At the party Roger was able to race his 1965 Chevrolet Chevelle just like he had in the past. Thirty years ago this exact Chevelle had been a “killer” on the NHRA circuit, setting records and winning events repeatedly, with him behind the wheel. It didn’t take Roger long to realize that a part of his life had been missing for the past three decades, a part that he enjoyed immensely.
Freshly bitten by the racing bug, and recalling the glory days of his Chevelle, Roger decided that he would like to attempt to recreate his earlier accomplishments while introducing his coming-of-age son to motorsports. He set goals for both him and the Chevelle that included the establishment of a NHRA national record, a feat that he had accomplished six times in the past, as well as winning his class at the biggest drag race of the year, NHRA’s US Nationals at Indianapolis Raceway Park.
With the chassis work underway Roger began to look for who could supply the necessary power needed to accomplish the twin goals he had set. Remembering the last time he raced seriously he recalled a fellow Chevelle racer named Jimmy Bridges who had been a fierce competitor at the time. A little digging uncovered the fact that Jimmy, from Nashville, Tennessee had never stopped racing and, in fact, had kept up on the latest engine technology in the intervening years.
As a bonus Jimmy had since replaced his Chevelle with a Corvette, which meant that he would no longer be a head-to head competitor of Roger’s for class honors. He therefore could give Roger the latest in engine refinements without fear. Even better, Jimmy knew of a fellow Tennessean named Mike Cates who would make the ideal crew chief for the newly resurrected Rosebush Racing Chevelle.
Racing a limited schedule in 2003 confirmed that every thing was on the right track and just a little more seat time was all that would be needed for an all-out assault in 2004. After running a few shakedown events early in the 2004 season, Roger began to prepare for the granddaddy of all drag racing events by participating in a test session at Bowling Green, Kentucky as well as the Division 3 Lucas Oil Drag Racing Series event at the same track.
Due to the enormity of the US Nationals not every Super Stock class winner is forced to tear down their engine. But, as luck would have it, Roger was one of the class winners that got to verify his legality by disassembling his engine for inspection. With a high rejection rate preceding him in the tear down room, Roger was relieved when his car successfully passed inspection.
With his legality confirmed, next up were the celebratory pictures in front of the giant 50th anniversary winner’s sign. The entire extended Be Cool Racing Team joined Roger and Mike in victory lane as they each received their class championship trophies. Despite an early exit from eliminations Roger was happy with his results. Leaving Indy he realized that not only had he completed half of his quest but also that he had done it in the golden anniversary year of drag racing’s biggest event. Now all that was left was to set the national record.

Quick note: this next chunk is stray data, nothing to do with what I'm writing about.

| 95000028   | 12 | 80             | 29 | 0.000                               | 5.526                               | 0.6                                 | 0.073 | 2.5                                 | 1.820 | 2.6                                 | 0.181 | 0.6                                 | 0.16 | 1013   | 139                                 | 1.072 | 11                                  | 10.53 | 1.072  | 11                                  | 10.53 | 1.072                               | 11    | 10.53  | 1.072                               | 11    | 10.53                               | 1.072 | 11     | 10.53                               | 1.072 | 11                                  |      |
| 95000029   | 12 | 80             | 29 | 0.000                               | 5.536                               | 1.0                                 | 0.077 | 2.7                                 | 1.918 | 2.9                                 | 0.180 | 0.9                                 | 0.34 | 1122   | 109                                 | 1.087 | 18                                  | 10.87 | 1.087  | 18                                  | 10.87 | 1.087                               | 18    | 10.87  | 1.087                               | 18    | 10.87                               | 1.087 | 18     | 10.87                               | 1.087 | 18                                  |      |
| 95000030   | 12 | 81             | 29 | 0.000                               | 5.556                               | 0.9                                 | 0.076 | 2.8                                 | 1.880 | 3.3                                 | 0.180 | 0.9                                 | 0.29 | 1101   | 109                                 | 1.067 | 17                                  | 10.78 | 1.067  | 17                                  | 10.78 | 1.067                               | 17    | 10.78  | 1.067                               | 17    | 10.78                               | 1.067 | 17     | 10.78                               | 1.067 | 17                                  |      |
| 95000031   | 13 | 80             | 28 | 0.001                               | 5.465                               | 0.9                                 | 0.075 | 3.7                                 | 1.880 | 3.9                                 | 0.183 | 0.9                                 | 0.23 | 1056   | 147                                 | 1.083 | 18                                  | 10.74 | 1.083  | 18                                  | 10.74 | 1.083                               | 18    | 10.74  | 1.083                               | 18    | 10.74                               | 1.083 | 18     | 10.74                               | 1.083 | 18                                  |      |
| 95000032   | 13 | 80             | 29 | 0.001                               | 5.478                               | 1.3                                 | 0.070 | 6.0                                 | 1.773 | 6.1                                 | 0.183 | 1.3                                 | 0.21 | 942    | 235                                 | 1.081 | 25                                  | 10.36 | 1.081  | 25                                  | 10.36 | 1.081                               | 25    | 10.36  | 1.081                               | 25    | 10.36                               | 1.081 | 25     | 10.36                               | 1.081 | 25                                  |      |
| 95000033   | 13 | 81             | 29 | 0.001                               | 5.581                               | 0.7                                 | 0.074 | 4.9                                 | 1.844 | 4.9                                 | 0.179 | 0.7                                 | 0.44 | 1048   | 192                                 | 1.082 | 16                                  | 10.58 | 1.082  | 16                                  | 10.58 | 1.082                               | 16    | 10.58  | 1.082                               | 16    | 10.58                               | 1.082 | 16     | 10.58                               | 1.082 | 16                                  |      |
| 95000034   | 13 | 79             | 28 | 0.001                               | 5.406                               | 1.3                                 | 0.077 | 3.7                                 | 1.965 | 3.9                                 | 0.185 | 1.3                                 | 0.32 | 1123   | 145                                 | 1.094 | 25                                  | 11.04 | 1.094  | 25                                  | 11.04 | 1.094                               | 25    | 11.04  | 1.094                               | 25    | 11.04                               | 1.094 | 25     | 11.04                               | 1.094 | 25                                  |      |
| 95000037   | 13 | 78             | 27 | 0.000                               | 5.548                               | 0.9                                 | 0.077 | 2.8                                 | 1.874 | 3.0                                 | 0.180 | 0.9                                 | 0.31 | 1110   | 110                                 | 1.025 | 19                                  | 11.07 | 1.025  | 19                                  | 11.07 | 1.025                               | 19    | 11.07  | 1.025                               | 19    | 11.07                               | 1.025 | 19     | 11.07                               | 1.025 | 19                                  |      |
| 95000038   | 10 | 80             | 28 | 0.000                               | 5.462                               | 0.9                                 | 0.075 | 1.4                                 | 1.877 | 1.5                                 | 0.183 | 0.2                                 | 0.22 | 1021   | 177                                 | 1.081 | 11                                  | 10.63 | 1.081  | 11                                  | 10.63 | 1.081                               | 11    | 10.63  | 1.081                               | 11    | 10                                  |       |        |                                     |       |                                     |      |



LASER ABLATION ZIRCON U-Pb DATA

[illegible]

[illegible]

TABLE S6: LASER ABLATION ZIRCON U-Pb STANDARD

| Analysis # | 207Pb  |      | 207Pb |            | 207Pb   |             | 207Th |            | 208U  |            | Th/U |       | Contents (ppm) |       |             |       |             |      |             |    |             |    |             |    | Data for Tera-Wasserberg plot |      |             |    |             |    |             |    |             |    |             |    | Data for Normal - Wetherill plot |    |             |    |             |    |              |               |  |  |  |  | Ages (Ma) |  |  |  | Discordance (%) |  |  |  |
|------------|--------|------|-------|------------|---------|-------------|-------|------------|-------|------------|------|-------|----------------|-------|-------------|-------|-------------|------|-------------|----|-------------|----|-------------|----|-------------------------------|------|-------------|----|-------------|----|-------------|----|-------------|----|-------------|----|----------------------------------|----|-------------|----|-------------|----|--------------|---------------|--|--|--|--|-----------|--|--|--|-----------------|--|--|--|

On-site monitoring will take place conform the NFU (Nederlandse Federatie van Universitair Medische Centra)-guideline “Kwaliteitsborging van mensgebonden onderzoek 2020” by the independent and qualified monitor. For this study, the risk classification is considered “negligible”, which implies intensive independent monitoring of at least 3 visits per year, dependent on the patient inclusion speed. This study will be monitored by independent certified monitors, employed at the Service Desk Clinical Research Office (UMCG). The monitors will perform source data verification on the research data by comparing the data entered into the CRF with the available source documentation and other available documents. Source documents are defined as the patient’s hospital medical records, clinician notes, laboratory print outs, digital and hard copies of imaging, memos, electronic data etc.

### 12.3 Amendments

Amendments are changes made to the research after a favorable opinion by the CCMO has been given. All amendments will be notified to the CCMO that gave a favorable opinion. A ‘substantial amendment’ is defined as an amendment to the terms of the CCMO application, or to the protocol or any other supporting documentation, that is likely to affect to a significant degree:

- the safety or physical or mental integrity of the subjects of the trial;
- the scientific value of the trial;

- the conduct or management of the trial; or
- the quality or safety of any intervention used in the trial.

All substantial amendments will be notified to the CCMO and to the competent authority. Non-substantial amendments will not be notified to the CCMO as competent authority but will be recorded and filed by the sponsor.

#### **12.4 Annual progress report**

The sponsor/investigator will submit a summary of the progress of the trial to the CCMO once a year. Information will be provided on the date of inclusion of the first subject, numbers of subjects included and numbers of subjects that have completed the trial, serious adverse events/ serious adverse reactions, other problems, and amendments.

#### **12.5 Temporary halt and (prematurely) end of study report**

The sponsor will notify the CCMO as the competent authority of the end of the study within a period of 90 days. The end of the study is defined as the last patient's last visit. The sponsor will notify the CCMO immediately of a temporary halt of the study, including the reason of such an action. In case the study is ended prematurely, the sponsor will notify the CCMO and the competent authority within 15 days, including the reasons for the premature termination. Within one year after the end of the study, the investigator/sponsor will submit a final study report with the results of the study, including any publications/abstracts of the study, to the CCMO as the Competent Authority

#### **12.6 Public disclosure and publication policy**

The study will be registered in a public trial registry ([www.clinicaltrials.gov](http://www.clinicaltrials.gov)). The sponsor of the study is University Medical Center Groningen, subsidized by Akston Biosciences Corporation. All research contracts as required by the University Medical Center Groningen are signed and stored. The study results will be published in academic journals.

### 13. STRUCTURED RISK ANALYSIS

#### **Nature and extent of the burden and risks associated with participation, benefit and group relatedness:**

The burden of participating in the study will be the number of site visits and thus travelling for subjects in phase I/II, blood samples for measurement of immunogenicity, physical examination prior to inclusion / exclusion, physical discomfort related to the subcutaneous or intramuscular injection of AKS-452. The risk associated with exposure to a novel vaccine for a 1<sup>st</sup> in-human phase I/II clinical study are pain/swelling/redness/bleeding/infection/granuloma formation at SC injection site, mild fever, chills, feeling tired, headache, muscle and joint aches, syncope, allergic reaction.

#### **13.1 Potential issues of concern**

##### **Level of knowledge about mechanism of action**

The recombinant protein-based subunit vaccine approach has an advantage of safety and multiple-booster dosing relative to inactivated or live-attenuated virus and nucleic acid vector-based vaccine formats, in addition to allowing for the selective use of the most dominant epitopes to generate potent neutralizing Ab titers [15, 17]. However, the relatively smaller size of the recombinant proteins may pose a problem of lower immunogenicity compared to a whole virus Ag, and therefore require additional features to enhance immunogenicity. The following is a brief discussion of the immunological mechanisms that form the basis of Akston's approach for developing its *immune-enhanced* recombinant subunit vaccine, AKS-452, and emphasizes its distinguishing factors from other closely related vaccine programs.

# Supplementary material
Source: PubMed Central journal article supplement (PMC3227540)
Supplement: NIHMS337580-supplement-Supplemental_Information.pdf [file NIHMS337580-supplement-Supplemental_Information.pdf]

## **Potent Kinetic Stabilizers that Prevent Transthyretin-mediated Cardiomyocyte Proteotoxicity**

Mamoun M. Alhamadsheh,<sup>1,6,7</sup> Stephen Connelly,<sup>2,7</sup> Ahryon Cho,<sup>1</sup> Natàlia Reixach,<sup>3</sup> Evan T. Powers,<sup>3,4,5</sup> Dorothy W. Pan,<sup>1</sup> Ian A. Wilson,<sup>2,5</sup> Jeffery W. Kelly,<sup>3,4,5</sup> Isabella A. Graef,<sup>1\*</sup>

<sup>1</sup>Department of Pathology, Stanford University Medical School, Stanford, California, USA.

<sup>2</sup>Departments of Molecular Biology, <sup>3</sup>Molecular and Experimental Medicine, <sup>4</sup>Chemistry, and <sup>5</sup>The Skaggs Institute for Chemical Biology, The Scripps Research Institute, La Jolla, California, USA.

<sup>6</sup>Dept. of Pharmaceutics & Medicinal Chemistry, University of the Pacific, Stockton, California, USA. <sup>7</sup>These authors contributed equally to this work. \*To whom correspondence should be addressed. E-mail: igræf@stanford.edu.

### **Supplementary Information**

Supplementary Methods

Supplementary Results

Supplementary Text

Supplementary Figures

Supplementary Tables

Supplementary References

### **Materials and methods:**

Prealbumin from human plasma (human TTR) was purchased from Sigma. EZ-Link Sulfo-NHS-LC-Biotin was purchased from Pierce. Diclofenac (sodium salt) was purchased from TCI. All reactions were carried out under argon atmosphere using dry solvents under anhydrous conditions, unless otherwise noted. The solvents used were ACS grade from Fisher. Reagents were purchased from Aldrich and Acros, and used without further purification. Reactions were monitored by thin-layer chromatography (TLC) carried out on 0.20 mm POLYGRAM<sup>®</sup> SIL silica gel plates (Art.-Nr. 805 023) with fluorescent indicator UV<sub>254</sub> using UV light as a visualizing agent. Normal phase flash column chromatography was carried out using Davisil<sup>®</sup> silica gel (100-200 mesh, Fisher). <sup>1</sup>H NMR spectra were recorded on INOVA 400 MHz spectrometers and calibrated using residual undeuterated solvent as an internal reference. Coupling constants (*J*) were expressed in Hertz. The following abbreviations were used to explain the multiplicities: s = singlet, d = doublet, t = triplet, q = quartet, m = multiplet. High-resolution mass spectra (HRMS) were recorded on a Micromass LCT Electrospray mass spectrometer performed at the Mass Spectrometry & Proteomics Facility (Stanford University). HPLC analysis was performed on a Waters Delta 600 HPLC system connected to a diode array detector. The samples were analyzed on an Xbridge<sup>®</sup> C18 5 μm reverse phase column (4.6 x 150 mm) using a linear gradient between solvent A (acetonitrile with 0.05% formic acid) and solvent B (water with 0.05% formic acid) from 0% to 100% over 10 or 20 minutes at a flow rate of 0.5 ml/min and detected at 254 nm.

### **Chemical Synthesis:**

Unfortunately the make-up date chosen conflicted with the PRI Show, an industry trade show that is vital to any manufacturer in the performance parts industry. As president of Be Cool Radiators Roger knew the PRI Show was an important part of his company’s yearly marketing efforts. Faced with the tough challenge of being in two places at one time, Roger was able to return to Alabama when his brother, Richard, offered to cover the final day of the show for him.
Back in Alabama and racing under great conditions Roger set the SS/M national record at 10.745 seconds on his very first run, but his Chevelle was found to be five pounds light when it crossed the scales so the run was disqualified. Believing the scale reading to be an anomaly, Roger returned to his pit area where he added 10 pounds to his car just to be safe.
Returning for another record attempt, Roger actually went quicker, at 10.732, than he had on the first run despite now carrying the extra weight. This time there was no discrepancy at the scales and he was cleared to make an attempt at backing-up his potential new national record. On the back-up run he went quicker again at 10.715 seconds with that becoming the new record and his earlier 10.732 serving as the required back-up.
All that remained for the record to be certified was for the car to be declared legal by tearing it down for inspection. Once again all components passed muster and the SS/M record was his. In a span of ninety days he had won his class at Indy and set the national record, two major accomplishments that he achieved with relative ease thanks to good components, good suppliers and a good support system.
Looking ahead to 2005 Roger sees a new paint scheme for his venerable Chevelle with new sheet metal underneath the new paint. Currently the car is at the Gary Jennings Chassis Shop having its underpinnings updated yet again. Upon its return new goals will be set for the new season. No matter what is accomplished in 2005 it will be hard to top the milestones recorded in 2004.
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